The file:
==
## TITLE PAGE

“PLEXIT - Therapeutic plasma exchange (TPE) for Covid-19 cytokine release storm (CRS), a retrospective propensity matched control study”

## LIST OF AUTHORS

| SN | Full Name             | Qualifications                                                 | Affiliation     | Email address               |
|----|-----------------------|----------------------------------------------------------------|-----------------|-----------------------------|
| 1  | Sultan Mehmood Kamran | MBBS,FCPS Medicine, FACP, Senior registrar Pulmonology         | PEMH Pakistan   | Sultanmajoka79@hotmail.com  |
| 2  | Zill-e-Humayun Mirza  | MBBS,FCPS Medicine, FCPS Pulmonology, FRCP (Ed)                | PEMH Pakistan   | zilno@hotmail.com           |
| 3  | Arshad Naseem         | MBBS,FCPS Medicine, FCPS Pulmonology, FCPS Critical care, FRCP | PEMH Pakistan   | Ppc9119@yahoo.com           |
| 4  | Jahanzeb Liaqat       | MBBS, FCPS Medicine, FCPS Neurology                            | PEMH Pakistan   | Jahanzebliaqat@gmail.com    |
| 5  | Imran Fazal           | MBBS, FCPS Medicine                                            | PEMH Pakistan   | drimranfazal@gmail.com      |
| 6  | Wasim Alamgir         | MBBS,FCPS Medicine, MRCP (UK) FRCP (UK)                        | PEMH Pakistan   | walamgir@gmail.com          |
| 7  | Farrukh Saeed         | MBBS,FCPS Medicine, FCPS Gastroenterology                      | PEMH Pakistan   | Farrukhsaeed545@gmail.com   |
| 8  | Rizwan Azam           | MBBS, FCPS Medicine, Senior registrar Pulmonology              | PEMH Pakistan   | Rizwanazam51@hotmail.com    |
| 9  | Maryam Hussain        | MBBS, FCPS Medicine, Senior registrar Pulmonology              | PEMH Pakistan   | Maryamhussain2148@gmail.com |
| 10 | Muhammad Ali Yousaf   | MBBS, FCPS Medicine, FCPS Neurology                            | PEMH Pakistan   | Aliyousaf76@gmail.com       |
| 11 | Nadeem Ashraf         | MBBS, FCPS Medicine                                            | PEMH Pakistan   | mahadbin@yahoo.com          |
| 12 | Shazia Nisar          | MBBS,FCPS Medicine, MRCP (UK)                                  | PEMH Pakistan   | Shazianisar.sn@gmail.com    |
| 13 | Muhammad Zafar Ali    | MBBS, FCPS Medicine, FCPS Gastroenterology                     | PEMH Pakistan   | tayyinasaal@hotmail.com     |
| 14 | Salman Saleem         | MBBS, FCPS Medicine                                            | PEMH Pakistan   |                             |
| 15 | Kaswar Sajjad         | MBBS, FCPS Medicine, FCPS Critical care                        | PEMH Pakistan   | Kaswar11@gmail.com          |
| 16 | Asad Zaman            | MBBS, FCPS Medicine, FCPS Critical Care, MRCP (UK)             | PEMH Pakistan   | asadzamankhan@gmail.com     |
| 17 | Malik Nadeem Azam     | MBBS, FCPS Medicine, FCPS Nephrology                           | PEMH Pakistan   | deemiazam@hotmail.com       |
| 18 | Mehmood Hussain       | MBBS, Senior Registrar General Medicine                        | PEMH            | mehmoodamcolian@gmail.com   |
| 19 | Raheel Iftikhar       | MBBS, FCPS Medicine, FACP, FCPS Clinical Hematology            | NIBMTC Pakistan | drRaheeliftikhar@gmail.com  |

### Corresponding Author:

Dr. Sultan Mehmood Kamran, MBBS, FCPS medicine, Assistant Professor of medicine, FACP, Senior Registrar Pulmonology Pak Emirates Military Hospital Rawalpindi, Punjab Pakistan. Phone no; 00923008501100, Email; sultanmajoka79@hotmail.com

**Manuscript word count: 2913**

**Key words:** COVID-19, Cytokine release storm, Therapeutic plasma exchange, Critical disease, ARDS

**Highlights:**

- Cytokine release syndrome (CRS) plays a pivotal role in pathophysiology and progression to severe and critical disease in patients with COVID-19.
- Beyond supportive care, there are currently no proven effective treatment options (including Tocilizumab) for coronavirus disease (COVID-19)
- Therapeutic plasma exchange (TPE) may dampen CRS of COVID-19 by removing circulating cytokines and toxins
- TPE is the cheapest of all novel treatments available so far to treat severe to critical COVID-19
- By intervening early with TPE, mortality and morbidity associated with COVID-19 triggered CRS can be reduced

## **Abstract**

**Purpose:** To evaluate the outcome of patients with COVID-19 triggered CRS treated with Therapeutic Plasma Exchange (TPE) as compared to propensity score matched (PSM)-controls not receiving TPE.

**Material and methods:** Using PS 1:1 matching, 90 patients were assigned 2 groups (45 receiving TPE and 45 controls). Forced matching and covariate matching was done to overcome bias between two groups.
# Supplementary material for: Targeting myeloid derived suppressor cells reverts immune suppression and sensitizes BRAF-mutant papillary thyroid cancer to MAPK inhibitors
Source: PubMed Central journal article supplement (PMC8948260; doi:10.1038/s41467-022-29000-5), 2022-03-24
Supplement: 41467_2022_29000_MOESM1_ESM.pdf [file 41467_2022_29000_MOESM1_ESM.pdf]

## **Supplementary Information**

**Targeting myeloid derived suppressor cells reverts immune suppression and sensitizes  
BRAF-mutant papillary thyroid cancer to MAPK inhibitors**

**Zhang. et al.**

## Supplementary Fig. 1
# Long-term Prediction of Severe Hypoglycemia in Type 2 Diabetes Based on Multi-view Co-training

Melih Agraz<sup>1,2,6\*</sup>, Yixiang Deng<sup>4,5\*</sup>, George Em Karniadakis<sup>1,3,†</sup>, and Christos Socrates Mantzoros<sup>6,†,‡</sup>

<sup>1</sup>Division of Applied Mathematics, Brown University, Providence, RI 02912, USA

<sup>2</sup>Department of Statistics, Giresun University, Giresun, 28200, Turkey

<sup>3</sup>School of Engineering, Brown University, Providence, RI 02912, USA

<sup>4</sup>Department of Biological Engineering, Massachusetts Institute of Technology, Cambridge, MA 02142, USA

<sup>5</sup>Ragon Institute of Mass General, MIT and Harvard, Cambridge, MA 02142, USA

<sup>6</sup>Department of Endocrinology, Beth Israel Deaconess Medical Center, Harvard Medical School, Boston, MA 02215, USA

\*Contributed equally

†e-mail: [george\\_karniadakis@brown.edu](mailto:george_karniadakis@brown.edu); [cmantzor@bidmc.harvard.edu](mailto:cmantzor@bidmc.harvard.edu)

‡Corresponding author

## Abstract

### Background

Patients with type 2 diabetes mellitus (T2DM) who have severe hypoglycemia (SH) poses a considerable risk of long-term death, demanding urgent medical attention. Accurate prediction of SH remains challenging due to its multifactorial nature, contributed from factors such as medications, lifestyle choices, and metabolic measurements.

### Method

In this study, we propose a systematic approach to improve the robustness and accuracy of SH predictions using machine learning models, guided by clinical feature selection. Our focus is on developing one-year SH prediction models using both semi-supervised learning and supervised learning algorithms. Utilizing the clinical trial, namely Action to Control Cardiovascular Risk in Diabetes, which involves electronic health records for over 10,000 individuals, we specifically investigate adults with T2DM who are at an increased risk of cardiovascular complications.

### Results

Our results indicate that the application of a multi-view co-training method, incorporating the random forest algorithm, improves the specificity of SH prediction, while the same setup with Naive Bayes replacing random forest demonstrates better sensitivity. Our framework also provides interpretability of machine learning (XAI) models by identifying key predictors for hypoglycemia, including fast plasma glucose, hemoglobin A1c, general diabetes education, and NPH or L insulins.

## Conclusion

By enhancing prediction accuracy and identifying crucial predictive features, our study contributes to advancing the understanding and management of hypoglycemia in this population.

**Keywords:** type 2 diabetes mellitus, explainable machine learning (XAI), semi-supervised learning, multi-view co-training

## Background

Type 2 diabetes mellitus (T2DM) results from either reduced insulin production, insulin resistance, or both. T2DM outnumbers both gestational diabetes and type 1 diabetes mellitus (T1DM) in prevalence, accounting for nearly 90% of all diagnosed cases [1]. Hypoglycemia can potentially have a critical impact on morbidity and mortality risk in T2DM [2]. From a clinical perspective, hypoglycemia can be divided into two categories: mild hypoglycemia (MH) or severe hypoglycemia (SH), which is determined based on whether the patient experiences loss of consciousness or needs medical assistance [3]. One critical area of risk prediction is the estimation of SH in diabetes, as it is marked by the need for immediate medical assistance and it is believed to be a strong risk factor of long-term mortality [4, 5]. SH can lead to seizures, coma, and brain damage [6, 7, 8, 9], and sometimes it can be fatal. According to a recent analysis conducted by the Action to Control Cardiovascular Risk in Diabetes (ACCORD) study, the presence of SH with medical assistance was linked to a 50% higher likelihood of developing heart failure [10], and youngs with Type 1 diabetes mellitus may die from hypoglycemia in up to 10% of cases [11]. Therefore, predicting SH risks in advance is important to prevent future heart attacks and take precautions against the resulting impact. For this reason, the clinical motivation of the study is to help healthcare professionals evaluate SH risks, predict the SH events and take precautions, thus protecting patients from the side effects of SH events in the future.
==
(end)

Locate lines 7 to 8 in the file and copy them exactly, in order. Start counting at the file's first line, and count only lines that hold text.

| 2  | Zill-e-Humayun Mirza  | MBBS,FCPS Medicine, FCPS Pulmonology, FRCP (Ed)                | PEMH Pakistan   | zilno@hotmail.com           |
| 3  | Arshad Naseem         | MBBS,FCPS Medicine, FCPS Pulmonology, FCPS Critical care, FRCP | PEMH Pakistan   | Ppc9119@yahoo.com           |